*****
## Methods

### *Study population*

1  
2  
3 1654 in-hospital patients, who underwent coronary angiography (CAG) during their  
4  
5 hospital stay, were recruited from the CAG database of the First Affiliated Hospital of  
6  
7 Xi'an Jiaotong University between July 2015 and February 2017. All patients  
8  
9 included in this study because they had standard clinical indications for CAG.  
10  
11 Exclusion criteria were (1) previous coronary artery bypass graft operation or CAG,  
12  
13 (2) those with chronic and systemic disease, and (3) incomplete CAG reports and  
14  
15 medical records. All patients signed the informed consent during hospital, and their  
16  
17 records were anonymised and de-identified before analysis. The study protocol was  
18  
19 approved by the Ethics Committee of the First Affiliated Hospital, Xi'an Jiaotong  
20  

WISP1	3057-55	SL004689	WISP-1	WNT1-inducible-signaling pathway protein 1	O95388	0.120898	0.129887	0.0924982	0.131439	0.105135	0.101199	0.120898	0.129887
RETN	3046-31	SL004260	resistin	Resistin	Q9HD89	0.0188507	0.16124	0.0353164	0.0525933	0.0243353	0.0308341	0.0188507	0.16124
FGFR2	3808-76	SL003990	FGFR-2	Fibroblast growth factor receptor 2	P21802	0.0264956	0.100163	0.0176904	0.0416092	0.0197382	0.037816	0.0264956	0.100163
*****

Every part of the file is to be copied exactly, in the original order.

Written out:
## Methods

### *Study population*

1  
2  
3 1654 in-hospital patients, who underwent coronary angiography (CAG) during their  
4  
5 hospital stay, were recruited from the CAG database of the First Affiliated Hospital of  
6  
7 Xi'an Jiaotong University between July 2015 and February 2017. All patients  
8  
9 included in this study because they had standard clinical indications for CAG.  
10  
11 Exclusion criteria were (1) previous coronary artery bypass graft operation or CAG,  
12  
13 (2) those with chronic and systemic disease, and (3) incomplete CAG reports and  
14  
15 medical records. All patients signed the informed consent during hospital, and their  
16  
17 records were anonymised and de-identified before analysis. The study protocol was  
18  
19 approved by the Ethics Committee of the First Affiliated Hospital, Xi'an Jiaotong  
20  

WISP1	3057-55	SL004689	WISP-1	WNT1-inducible-signaling pathway protein 1	O95388	0.120898	0.129887	0.0924982	0.131439	0.105135	0.101199	0.120898	0.129887
RETN	3046-31	SL004260	resistin	Resistin	Q9HD89	0.0188507	0.16124	0.0353164	0.0525933	0.0243353	0.0308341	0.0188507	0.16124
FGFR2	3808-76	SL003990	FGFR-2	Fibroblast growth factor receptor 2	P21802	0.0264956	0.100163	0.0176904	0.0416092	0.0197382	0.037816	0.0264956	0.100163